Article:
Report: Nigeria’s Border Crisis Fueled by Rice

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Peter Uzoho with agency report

The decision by the federal government to close all its land borders two months ago to tackle smuggling is affecting trade across the region, a report has revealed.

The report by bbc.com, noted that bustling borders have come to a standstill, with goods rotting and queues of lorries waiting at checkpoints in the hope the crossings will reopen.

The closures were imposed without warning on 21 August – and Nigeria’s neighbours are angry.

“It seems Nigeria was fed up about the flouting of its ban on the importation of rice over its land borders.

“The biggest contraband route was between Cotonou, Benin’s biggest city, and Nigeria’s commercial hub Lagos, which is just a few hours’ drive away,” it stated.

According to the World Bank, Benin’s economy is heavily reliant on the informal re-export and transit trade with Nigeria, which accounts for about 20 per cent of its GDP, or national income.

And about 80 per cent of imports into Benin are destined for Nigeria, the Bank says.

Nigeria banned the importation of rice from Benin in 2004 and from all its neighbours in 2016, but that has not stopped the trade.

Nigeria is only allowing in foreign rice through its ports – where since 2013 it has imposed a tax of 70 per cent.

“The move is intended not only to raise revenue but also to encourage the local production of rice.

But smugglers have been taking advantage of the fact that it is cheaper to import rice to Nigeria’s neighbors,” the report added.

According to the Nigerian maritime site Ships and Ports, in 2014 Benin lowered its tariffs on rice imports from 35% to 7% while Cameroon erased it completely from 10%.

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Neighbouring Benin then recorded an astronomical rise in imports from Thailand, the world’s second-largest producer.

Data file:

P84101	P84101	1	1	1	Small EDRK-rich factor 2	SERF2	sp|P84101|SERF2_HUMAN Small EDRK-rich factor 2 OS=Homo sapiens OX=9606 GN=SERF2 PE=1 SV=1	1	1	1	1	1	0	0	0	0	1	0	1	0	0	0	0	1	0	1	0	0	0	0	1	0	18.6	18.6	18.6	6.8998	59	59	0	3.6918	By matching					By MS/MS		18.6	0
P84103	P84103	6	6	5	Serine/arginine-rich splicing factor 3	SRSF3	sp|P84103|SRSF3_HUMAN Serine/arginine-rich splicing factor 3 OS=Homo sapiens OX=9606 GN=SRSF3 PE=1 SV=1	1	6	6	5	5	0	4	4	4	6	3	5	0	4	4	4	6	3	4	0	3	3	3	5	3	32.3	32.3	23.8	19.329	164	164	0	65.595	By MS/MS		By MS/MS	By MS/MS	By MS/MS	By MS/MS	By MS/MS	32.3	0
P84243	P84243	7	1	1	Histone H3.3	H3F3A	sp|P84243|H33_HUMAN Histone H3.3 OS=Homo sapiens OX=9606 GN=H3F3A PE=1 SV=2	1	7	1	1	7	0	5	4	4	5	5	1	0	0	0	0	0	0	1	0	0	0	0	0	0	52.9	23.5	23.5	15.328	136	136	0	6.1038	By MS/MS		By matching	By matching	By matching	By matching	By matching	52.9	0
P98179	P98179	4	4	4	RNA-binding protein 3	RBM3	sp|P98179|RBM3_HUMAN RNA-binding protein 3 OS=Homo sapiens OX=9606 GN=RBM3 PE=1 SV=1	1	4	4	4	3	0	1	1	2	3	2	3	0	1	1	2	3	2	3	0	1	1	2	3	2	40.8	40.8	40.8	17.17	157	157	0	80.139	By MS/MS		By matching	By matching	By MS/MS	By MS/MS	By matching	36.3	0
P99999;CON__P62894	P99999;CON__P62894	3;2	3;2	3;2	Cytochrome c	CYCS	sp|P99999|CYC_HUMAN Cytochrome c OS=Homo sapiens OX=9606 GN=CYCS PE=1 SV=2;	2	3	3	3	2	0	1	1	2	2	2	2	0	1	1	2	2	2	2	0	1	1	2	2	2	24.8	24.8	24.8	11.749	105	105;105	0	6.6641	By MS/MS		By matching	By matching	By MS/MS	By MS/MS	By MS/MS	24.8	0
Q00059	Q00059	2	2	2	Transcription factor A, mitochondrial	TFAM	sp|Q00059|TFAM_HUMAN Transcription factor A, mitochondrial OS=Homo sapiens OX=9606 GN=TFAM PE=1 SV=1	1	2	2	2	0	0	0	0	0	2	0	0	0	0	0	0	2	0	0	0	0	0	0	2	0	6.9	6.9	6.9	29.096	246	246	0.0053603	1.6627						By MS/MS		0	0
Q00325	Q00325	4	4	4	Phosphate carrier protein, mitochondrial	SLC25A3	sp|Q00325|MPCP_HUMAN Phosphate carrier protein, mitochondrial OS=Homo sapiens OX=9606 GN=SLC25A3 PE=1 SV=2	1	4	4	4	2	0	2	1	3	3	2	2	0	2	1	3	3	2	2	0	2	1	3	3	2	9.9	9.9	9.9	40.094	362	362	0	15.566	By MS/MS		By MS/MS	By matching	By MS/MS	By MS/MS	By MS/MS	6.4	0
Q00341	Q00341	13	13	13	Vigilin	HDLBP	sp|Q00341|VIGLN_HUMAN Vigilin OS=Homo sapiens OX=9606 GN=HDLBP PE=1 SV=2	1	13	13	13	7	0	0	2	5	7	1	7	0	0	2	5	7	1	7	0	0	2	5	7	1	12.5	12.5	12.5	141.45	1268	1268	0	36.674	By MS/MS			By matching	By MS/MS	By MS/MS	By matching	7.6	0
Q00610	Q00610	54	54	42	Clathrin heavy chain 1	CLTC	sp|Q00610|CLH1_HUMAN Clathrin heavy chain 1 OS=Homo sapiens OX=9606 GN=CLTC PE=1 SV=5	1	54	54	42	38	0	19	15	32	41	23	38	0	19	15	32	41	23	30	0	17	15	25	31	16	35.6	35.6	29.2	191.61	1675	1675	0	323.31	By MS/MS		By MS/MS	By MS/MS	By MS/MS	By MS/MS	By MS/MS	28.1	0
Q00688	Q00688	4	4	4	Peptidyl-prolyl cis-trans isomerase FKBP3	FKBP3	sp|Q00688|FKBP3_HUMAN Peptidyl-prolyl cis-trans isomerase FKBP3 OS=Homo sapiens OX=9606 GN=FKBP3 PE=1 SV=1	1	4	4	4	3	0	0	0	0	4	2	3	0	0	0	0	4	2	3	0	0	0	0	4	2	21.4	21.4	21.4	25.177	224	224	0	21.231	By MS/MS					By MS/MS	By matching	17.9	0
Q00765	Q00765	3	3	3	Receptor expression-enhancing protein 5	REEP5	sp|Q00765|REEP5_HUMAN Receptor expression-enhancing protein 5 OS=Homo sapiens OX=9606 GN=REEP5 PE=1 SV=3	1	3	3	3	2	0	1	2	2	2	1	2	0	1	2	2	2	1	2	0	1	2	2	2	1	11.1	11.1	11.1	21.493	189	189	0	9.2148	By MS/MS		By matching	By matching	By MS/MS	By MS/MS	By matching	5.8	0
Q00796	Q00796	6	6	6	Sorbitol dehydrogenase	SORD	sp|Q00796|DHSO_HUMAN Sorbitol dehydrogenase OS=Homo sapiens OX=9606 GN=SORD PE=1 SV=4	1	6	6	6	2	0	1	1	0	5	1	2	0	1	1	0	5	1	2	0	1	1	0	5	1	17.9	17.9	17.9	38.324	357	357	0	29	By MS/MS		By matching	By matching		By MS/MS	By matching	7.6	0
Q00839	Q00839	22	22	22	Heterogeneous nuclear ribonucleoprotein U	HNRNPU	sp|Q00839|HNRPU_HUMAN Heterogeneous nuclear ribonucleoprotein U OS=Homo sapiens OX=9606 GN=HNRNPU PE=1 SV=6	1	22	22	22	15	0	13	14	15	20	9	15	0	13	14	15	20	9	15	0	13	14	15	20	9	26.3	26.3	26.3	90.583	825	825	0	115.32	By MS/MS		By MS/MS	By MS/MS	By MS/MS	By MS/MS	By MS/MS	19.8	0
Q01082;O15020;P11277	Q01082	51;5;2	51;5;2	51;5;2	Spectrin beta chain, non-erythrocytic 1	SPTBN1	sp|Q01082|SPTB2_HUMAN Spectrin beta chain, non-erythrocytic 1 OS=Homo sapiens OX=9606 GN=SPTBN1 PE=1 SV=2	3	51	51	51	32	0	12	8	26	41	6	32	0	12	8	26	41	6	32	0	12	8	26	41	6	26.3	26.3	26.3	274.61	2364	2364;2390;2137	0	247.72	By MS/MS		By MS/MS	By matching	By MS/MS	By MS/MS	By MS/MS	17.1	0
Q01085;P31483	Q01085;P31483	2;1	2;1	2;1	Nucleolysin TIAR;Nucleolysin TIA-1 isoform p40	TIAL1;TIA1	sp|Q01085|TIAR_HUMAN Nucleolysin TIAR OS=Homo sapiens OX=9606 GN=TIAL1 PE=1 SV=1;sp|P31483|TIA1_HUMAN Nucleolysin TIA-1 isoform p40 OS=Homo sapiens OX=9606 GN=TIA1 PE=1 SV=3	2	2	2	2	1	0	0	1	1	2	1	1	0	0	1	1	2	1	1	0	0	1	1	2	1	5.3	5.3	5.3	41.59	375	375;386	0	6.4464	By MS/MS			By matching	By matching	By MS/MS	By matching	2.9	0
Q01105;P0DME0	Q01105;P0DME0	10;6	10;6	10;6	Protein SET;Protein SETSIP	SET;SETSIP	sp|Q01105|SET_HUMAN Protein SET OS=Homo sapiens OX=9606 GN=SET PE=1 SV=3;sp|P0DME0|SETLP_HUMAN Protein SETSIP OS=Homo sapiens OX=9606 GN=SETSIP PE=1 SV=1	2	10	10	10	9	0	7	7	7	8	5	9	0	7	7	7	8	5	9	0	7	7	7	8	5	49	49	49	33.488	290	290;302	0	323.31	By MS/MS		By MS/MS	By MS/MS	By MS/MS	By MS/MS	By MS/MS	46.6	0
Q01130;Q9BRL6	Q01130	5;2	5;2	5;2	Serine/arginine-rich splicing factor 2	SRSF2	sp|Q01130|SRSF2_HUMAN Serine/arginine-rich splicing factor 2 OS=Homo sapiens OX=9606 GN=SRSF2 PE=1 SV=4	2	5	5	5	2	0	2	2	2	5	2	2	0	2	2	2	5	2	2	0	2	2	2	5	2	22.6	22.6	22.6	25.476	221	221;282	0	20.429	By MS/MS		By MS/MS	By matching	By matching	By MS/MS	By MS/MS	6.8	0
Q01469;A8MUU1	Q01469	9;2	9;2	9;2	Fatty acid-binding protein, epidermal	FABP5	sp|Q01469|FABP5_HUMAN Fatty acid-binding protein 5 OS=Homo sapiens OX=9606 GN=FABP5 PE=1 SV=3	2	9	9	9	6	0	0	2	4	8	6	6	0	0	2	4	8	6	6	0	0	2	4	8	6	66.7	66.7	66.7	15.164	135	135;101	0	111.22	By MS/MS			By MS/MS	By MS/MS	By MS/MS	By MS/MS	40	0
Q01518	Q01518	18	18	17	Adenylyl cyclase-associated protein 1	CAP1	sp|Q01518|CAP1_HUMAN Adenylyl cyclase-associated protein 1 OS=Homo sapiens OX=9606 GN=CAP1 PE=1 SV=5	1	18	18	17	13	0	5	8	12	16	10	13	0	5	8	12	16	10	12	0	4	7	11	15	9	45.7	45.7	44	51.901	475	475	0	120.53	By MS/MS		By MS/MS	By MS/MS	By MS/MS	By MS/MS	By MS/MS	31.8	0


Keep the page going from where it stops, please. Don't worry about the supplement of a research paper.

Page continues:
At its height, each of Benin’s 11.5 million citizens would have had to consume at least 150kg (330lb) of rice from Thailand alone.

So it seems pretty clear that the rice was making its way into Nigeria to meet the shortfall in local production for a country of almost 200 million people.

“And Nigerians’ appetite for rice is almost insatiable in a country where the grain is a staple.

“There was a time was when it was considered an elitist meal consumed only on Sundays. But now its affordability – plus the love for jollof rice – has made it a national dish.

“No. Benin is also a major corridor for second-hand cars to Nigeria, where there is a ban on importing cars that are more than 15 years old,” it added.

Official figures are difficult to come by, but Luxembourg-based shipping company BIM e-solutions said an average of 10,000 cars arrive at the Cotonou port from Europe monthly.

According to the Nigeria Customs Service, many are smuggled across the border.

The authorities also want to tackle smugglers going the other way. Many sell cheap subsidised Nigerian petrol in neighbouring countries.

“Many goods come in through the port of Lagos and are transported by road throughout the region by hundreds of thousands of lorries.

Nigeria’s immediate neighbours Benin, Niger, Chad and Cameroon – as well as Ghana and Togo have been hit by the crisis,” it added.

Ghana’s Foreign Minister Shirley Ayorkor Botchwey said the country’s traders had incurred huge losses because their goods had been detained for weeks at the Nigeria-Benin border.

She advised the Nigerian government to “find ways of isolating the issues and the countries that it has problems with, so that Ghana’s exports can enter Nigeria’s market without being lumped up with all these issues that have emerged”.

In Benin, photographer Yanick Folly posted images of baskets of tomatoes, lined up and decaying near the border.

Benin’s Agriculture Minister Gaston Dossouhoui described it as “a distressing sight” when he visited markets in the town of Grand Popo.

“It’s very difficult for our producers. It’s a disaster,” he was quoted by the AFP news agency as saying.

In an effort to mollify its powerful neighbour, Niger has since imposed its own ban on the exportation of rice to Nigeria.

But it is the border communities, where traders often criss-cross for market days, that are suffering.

“In Rivers State, some traders at the rice depot section of the Mile 1 market in Port Harcourt have packed up and gone home.

“They say the dramatic closure of the borders gave them no time to stock up.

“And prices have gone up too. Foreign rice now sells for 60 per cent more, while locally produced rice has increased by almost 100 per cent. But there has been the up side,” it added.